A student at a Spanish high school receives 1,045 hours of class time a year – 246 more than a Finnish student (808) – but performs worse on average on the Program for International Student Assessment (PISA) test, according to the report Education at a Glance 2019, from the Organisation for Economic Co-operation and Development (OECD).
When countries improve the quality of their teaching, they tend to achieve better results without increasing the learning time
Andreas Schleicher, head of PISA test
The study, which was released on Tuesday, ranks Spain in the middle in terms of academic performance, while Finland is an international leader in secondary school education. Greece is the European country with the fewest hours of class time (791) and has mediocre PISA results. But Sweden, Norway and Japan have similar class hours and are among the best-ranked academically.
Spain has more class time than the EU average (893 hours) and the OECD average (910). The country also has more lessons in language, mathematics and foreign languages than the OECD average. The difference in class time is also evident at the primary school level, but is less pronounced. Spain has 792 hours of class, 23 more than the EU average and nine more than the OECD average.
Andreas Schleicher, the head of PISA Tests, is clear: more class time does not guarantee a better education. “When countries improve the quality of their teaching, they tend to achieve better results without increasing the learning time of the student.” For example, Japanese students study 41 hours a week (28 in the classroom and 14 extracurricular) and Korean students spend 50 hours studying (30 hours in the classroom and 20 extracurricular), but their academic results are very similar.
In Tunisia and the four Chinese provinces where PISA exams are taken, students study for 30 hours in the classroom and 28 outside. But although they spend the same amount of time studying, there is a stark difference in their science results – Tunisia scored 367 points and China 530 points.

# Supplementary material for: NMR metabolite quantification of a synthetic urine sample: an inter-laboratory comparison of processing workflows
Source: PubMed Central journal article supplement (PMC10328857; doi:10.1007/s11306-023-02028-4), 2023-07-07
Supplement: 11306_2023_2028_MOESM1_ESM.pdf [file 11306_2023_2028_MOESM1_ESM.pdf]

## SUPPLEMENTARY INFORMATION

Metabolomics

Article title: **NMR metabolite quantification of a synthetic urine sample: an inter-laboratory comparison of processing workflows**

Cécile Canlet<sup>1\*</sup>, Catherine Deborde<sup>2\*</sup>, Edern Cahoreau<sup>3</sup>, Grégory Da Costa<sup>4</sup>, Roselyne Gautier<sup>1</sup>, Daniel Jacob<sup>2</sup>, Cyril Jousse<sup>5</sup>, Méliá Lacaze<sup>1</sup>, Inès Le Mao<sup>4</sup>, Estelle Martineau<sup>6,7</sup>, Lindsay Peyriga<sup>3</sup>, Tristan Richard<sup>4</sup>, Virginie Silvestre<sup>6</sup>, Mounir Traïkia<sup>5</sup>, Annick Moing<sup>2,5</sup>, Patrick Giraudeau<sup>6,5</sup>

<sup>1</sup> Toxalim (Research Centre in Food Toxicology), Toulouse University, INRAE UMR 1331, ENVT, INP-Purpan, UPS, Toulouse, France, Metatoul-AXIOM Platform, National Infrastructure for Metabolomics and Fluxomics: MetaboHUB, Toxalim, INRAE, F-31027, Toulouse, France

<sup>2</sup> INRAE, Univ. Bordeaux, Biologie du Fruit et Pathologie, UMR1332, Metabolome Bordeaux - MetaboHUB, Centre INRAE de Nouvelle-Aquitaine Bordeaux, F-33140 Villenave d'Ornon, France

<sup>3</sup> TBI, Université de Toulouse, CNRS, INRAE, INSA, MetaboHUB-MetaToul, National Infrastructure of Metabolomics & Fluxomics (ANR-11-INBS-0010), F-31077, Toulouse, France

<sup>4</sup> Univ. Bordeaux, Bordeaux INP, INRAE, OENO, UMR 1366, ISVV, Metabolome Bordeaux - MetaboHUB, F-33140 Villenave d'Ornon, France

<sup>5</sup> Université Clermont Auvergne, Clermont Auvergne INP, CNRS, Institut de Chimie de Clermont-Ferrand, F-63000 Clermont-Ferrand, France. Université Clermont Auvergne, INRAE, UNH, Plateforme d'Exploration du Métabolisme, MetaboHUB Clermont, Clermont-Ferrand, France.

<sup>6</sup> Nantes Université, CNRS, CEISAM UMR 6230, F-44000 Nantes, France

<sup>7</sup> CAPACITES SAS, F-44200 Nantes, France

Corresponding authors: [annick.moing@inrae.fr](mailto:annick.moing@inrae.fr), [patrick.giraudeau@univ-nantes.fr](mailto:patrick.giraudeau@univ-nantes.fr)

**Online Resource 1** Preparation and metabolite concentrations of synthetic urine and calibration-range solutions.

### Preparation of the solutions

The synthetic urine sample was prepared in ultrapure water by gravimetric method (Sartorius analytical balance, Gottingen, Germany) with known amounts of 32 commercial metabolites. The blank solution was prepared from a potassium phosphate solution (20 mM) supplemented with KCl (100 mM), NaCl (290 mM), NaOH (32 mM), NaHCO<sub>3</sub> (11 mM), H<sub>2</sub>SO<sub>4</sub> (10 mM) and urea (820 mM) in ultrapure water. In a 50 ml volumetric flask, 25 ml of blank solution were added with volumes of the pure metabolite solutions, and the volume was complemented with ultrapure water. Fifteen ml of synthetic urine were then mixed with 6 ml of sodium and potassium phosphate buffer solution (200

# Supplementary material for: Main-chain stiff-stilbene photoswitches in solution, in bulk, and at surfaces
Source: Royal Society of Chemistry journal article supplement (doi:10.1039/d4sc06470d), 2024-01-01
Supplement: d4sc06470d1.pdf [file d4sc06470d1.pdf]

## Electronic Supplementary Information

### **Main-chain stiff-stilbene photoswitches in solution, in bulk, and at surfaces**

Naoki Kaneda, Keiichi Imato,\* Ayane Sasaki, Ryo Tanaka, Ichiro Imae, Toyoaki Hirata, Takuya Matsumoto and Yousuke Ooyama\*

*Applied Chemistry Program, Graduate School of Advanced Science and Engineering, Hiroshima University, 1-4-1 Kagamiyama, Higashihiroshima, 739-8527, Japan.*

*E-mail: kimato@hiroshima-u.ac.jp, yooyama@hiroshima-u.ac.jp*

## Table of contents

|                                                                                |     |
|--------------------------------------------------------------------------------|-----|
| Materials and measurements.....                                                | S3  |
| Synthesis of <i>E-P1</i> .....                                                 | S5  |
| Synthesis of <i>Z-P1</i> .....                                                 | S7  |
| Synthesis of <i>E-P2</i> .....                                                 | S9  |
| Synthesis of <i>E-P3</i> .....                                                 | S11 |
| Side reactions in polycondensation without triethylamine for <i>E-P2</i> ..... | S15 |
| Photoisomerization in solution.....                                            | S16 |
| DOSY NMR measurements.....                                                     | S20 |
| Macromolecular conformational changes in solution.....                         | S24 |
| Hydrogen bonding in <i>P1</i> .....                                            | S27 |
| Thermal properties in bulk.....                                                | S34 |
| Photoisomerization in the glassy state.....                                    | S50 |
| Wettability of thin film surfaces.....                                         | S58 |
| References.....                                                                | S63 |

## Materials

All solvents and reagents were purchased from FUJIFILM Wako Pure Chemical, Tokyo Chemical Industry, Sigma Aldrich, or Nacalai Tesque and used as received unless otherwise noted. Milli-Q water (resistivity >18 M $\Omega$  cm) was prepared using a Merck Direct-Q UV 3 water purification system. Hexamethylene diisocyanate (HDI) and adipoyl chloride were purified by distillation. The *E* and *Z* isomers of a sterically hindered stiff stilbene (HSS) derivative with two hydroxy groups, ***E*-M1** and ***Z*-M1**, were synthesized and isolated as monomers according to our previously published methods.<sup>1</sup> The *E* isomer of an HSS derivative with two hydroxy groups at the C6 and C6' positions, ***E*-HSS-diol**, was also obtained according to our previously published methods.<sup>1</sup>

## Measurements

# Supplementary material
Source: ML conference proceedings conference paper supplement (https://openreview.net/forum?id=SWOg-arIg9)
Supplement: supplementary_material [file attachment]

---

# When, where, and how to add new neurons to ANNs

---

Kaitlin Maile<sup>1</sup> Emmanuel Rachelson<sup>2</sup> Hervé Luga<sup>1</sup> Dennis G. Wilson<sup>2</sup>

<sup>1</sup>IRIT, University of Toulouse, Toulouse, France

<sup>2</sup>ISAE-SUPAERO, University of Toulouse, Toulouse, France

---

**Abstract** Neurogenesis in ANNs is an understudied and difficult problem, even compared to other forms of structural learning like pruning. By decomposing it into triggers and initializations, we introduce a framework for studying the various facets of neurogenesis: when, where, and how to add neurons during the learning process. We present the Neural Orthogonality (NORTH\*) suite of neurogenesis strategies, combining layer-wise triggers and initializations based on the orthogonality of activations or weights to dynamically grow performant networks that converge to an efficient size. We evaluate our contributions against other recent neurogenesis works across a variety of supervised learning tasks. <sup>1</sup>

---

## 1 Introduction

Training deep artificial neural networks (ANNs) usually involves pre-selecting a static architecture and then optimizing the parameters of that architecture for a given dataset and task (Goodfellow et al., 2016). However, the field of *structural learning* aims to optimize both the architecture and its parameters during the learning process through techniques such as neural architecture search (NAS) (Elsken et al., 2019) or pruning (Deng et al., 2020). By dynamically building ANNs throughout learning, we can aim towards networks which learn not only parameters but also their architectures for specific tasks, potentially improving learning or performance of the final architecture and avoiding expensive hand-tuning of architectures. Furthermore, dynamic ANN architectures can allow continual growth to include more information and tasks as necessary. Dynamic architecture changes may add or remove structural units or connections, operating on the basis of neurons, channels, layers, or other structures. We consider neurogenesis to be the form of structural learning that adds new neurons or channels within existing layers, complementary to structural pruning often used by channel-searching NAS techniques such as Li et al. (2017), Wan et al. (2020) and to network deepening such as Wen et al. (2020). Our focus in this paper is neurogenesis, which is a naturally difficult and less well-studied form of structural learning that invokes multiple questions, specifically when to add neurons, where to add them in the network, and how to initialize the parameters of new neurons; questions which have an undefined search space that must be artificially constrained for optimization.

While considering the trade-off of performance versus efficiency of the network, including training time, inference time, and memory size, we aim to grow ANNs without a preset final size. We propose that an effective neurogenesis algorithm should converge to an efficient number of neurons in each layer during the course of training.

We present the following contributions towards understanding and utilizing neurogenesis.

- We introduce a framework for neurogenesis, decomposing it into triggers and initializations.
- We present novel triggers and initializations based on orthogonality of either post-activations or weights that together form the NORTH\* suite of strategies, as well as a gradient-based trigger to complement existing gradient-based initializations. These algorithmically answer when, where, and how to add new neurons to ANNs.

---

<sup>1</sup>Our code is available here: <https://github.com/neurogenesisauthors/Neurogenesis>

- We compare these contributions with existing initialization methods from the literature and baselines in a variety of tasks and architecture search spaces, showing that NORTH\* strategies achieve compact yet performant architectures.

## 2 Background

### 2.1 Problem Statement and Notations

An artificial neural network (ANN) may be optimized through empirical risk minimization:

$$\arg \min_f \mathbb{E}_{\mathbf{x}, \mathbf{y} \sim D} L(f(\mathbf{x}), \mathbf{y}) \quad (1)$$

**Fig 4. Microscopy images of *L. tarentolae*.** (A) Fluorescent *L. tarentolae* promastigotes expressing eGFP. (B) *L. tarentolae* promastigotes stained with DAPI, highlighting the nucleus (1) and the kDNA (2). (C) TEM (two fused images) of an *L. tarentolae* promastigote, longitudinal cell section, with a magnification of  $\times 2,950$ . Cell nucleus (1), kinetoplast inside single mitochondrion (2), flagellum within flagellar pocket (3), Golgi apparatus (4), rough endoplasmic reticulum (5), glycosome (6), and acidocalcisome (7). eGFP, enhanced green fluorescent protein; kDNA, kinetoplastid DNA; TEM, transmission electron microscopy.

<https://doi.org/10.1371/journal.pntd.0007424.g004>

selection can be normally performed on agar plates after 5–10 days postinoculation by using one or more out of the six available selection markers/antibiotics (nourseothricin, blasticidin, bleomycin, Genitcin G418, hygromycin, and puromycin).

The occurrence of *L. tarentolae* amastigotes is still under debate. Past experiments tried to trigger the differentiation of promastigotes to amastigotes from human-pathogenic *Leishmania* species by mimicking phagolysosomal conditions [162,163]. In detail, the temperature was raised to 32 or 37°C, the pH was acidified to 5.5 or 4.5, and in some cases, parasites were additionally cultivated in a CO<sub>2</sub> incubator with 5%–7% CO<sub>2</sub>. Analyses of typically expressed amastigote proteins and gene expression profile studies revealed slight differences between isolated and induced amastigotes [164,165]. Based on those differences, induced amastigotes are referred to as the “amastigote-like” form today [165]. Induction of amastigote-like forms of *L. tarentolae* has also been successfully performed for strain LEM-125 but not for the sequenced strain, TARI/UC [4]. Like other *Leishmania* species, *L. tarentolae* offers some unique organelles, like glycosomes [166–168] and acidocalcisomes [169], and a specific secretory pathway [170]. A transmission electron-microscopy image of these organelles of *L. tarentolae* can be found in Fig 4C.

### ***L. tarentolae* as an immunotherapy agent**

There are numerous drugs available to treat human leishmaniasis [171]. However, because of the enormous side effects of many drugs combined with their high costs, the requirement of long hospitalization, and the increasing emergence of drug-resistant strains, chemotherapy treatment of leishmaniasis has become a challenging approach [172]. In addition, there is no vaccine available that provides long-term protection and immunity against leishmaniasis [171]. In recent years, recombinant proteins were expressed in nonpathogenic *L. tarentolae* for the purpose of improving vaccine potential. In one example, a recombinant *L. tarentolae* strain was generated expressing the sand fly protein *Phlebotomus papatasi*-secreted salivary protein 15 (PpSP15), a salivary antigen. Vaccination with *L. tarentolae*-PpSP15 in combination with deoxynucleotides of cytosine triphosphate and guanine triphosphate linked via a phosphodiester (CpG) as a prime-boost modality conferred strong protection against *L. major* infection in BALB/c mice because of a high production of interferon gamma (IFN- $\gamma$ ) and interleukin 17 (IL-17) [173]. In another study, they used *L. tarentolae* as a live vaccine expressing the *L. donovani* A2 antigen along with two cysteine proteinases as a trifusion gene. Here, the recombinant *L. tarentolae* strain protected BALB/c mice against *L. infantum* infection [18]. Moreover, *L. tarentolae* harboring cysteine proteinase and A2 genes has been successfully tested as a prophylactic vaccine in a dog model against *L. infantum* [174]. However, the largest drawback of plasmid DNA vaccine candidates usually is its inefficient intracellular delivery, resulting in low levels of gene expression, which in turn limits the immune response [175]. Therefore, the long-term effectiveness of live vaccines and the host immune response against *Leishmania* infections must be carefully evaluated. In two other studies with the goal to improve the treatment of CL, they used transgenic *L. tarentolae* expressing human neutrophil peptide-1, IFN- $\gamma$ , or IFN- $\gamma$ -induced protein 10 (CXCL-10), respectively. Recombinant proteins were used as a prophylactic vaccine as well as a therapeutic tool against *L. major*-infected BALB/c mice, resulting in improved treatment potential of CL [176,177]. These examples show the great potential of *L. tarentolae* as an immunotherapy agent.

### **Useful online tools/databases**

Alejandro Tiana, Spain’s education secretary of state, has invited the education community to discuss the allocation of school hours. “We have to reflect about how school time is used in Spain,” he said.
Raimundo de los Reyes, the head of FEDADI, the federation that brings together the leaders of public secondary schools, believes students in Spain study for too many hours – six hours in class plus three or four hours on homework, projects and other school activities. “That is longer than the working day of many employees.”
“I would do away with 10 hours if in exchange we had fewer students in the classroom and could give them more personalized attention. We need resources, more assistant teachers, and to give more time for teachers to prepare all classes, not just the ones in English,” he added.
Maribel Loranca, the head of education at the UGT trade union, agrees class time should be cut, arguing long hours “take away time from attention for families, personal treatment and innovation.”
Meanwhile, PISA experts warn that Spain will not improve its academic performance until students spend more time on finding their own solutions to problems and less on memorizing information.
English version by Melissa Kitson.